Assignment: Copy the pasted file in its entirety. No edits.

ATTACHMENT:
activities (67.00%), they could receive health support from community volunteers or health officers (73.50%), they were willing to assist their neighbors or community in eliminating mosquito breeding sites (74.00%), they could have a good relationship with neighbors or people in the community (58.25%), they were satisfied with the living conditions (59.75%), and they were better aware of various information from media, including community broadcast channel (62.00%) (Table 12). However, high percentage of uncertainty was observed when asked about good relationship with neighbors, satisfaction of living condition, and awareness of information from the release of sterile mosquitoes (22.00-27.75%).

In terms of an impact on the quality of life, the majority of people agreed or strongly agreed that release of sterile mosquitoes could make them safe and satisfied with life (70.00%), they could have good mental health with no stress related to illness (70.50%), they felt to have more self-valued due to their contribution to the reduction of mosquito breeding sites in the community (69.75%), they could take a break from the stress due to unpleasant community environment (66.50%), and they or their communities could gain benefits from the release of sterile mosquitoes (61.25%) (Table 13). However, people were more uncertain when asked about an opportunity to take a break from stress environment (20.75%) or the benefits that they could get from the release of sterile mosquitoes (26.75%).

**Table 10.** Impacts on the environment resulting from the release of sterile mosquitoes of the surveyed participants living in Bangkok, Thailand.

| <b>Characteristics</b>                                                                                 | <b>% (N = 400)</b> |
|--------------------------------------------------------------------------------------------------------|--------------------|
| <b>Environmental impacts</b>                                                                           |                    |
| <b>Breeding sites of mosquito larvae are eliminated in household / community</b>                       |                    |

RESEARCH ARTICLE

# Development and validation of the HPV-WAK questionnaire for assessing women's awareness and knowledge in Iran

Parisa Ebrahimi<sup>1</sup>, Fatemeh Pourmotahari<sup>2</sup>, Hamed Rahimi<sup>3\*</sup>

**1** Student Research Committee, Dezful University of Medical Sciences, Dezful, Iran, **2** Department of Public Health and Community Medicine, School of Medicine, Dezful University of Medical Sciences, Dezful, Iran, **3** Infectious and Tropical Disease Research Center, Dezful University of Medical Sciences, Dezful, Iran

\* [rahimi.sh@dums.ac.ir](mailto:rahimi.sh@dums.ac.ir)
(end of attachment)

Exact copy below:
activities (67.00%), they could receive health support from community volunteers or health officers (73.50%), they were willing to assist their neighbors or community in eliminating mosquito breeding sites (74.00%), they could have a good relationship with neighbors or people in the community (58.25%), they were satisfied with the living conditions (59.75%), and they were better aware of various information from media, including community broadcast channel (62.00%) (Table 12). However, high percentage of uncertainty was observed when asked about good relationship with neighbors, satisfaction of living condition, and awareness of information from the release of sterile mosquitoes (22.00-27.75%).

In terms of an impact on the quality of life, the majority of people agreed or strongly agreed that release of sterile mosquitoes could make them safe and satisfied with life (70.00%), they could have good mental health with no stress related to illness (70.50%), they felt to have more self-valued due to their contribution to the reduction of mosquito breeding sites in the community (69.75%), they could take a break from the stress due to unpleasant community environment (66.50%), and they or their communities could gain benefits from the release of sterile mosquitoes (61.25%) (Table 13). However, people were more uncertain when asked about an opportunity to take a break from stress environment (20.75%) or the benefits that they could get from the release of sterile mosquitoes (26.75%).

**Table 10.** Impacts on the environment resulting from the release of sterile mosquitoes of the surveyed participants living in Bangkok, Thailand.

| <b>Characteristics</b>                                                                                 | <b>% (N = 400)</b> |
|--------------------------------------------------------------------------------------------------------|--------------------|
| <b>Environmental impacts</b>                                                                           |                    |
| <b>Breeding sites of mosquito larvae are eliminated in household / community</b>                       |                    |

RESEARCH ARTICLE

# Development and validation of the HPV-WAK questionnaire for assessing women's awareness and knowledge in Iran

Parisa Ebrahimi<sup>1</sup>, Fatemeh Pourmotahari<sup>2</sup>, Hamed Rahimi<sup>3\*</sup>

**1** Student Research Committee, Dezful University of Medical Sciences, Dezful, Iran, **2** Department of Public Health and Community Medicine, School of Medicine, Dezful University of Medical Sciences, Dezful, Iran, **3** Infectious and Tropical Disease Research Center, Dezful University of Medical Sciences, Dezful, Iran

\* [rahimi.sh@dums.ac.ir](mailto:rahimi.sh@dums.ac.ir)